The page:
It might be realistic to conceive property through control, and control through technical competence, but it would be hard to defend as an advance in formalism. Since this problem thoroughly infuses the topic of ‘might’, or operational sovereignty, it is also difficult to isolate, or parenthesize. Moldbug’s frequent, enthusiastic digressions into the practicalities of crypto-locked military apparatuses attest strongly to this. The impression begins to emerge that the very possibility of sovereign property is bound to an irreducibly fuzzy, historically dynamic, and empirically intricate investigation into the micro-mechanics of power, dissolving into an acid fog of Clauswitzean ‘friction’ (or ineliminable unpredictability).

More promising, by far – for the purposes of tractable argument — is a strictly formal or contractual usage of ‘control’ to designate the exclusive right to free disposal or commercial alienation. Defined this way, ownership is a legal category, co-original with the idea of contract, referring to those things which one has the right to trade (based on natural law). Property is essentially marketable. It cannot exist unless it can be alienated through negotiation. A prince who cannot trade away his territory does not ‘own’ it in any sense that matters.

Moldbug seems to acknowledge this, in at least three ways. Firstly, his formalization of sovereign power, through conversion into sovereign stock, commercializes it. Within the neocameral regime, power takes the form of revenue-yielding property, available for free disposal by those who wield it. That is the sole basis for the corporate analogy. If sovereign stock were not freely disposable, its ‘owners’ would be mere stewards, subject to obligations, non-alienable political responsibilities, or administrative duties that demonstrate with absolute clarity the subordination to a higher sovereignty. (That is, broadly speaking, the current situation, and inoffensively conventional political theory.)

Secondly, the neocameral state exists within a patchwork, or system of interactions, through which they compete for population, and in which peaceful (or commercial) redistributions — including takeovers and break-ups — are facilitated. Unless sovereign stock can be traded within the patchwork, it is not property at all. This in turn indicates that ‘internal’ positive legislation, as dictated by the domestic ‘sovereign’, is embedded within a far more expansive normative system, and the definition of ‘property’ cannot be exhausted by its local determination within the neocameral micro-polis. As Moldbug repeatedly notes, an introverted despotism that violated broader patchwork norms – such as those governing free exit — could be reliably expected to suffer a collapse of sovereign stock value (which implies that the substance of sovereign stock is systemically, rather than locally, determined). If the entire neocameral state is disciplined through the patchwork, how real can its local sovereignty be? This systemic disciplining or subversion of local sovereignty, it should be noted, is the sole attraction of the neocameral schema to supporters of dynamic geography (who want nothing more than for the national government to become the patchwork system’s bitch).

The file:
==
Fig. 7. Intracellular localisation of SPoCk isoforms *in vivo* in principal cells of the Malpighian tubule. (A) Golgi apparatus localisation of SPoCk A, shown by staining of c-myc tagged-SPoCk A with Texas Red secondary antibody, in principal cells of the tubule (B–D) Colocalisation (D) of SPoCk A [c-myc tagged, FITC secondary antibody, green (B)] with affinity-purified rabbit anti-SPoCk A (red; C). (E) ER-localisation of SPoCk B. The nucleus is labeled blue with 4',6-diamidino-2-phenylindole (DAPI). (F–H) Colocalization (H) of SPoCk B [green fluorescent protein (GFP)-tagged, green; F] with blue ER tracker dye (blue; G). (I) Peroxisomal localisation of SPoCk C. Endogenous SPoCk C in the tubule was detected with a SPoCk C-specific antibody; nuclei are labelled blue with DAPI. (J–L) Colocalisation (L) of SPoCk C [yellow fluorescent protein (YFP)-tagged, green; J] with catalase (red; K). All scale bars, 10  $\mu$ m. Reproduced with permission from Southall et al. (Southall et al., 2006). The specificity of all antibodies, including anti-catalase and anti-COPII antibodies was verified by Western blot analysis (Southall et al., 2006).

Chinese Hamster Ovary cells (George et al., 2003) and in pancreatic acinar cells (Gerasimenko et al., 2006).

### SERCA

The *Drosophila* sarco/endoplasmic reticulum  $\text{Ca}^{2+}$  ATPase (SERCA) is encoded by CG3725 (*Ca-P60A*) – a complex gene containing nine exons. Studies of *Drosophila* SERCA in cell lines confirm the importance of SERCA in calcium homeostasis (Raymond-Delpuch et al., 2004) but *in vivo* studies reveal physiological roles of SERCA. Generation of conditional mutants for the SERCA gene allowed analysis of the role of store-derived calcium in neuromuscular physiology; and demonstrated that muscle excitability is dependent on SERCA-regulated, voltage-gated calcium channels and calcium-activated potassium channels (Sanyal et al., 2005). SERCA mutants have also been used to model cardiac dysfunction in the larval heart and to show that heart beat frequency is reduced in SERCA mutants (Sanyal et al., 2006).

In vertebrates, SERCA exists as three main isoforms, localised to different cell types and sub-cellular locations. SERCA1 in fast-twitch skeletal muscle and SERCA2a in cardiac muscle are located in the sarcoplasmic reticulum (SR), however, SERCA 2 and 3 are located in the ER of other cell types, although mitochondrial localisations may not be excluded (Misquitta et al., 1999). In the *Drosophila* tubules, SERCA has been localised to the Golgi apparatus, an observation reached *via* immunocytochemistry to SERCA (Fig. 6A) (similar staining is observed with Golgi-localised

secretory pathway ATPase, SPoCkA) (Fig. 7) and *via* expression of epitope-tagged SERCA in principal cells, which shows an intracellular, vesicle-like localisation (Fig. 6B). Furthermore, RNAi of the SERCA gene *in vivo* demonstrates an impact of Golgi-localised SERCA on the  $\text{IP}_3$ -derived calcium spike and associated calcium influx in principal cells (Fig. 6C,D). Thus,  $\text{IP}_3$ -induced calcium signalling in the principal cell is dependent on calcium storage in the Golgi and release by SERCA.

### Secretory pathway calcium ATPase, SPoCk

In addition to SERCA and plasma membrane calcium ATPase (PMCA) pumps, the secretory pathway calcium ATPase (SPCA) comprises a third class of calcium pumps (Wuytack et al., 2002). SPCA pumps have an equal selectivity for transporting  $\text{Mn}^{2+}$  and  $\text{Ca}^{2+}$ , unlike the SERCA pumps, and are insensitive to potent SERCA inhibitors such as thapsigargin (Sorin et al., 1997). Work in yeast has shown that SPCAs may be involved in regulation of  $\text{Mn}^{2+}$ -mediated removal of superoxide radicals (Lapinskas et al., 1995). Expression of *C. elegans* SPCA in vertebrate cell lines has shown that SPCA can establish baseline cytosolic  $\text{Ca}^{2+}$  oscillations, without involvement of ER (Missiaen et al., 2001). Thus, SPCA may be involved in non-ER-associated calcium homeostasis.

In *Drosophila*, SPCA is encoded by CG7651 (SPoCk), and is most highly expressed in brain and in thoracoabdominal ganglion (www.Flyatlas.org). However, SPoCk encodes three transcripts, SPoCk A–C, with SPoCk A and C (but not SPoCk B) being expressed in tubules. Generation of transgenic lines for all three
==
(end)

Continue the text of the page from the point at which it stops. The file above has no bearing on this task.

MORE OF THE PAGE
Thirdly (and relatedly), neocameralism is floated as a model for experimental government, driven cybernetically towards effectiveness by the same types of feedback mechanisms that control ‘secondary’ corporations. In particular, population traffic between neocameral states is conceived as a fundamental regulator, continuously measuring the functionality of government, and correcting it in the direction of attractiveness. The incentive structure of the neocameral regime – and thus its claim to practical rationality — rests entirely upon this. Once again, however, it is evidently the radical limitation of local sovereignty, rather than its unconstrained expression, which promises to make such governments work. Free exit – to take the single most important instance — is a rule imposed at a higher level than the national sovereign, operating as a natural law of the entire patchwork. Without free exit, a neocameral state is no more than a parochial despotism. The absolute sovereign of the state must choose to comply with a rule he did not legislate … something is coming unstuck here (it’s time to send that white horse to the biodiesel tanks).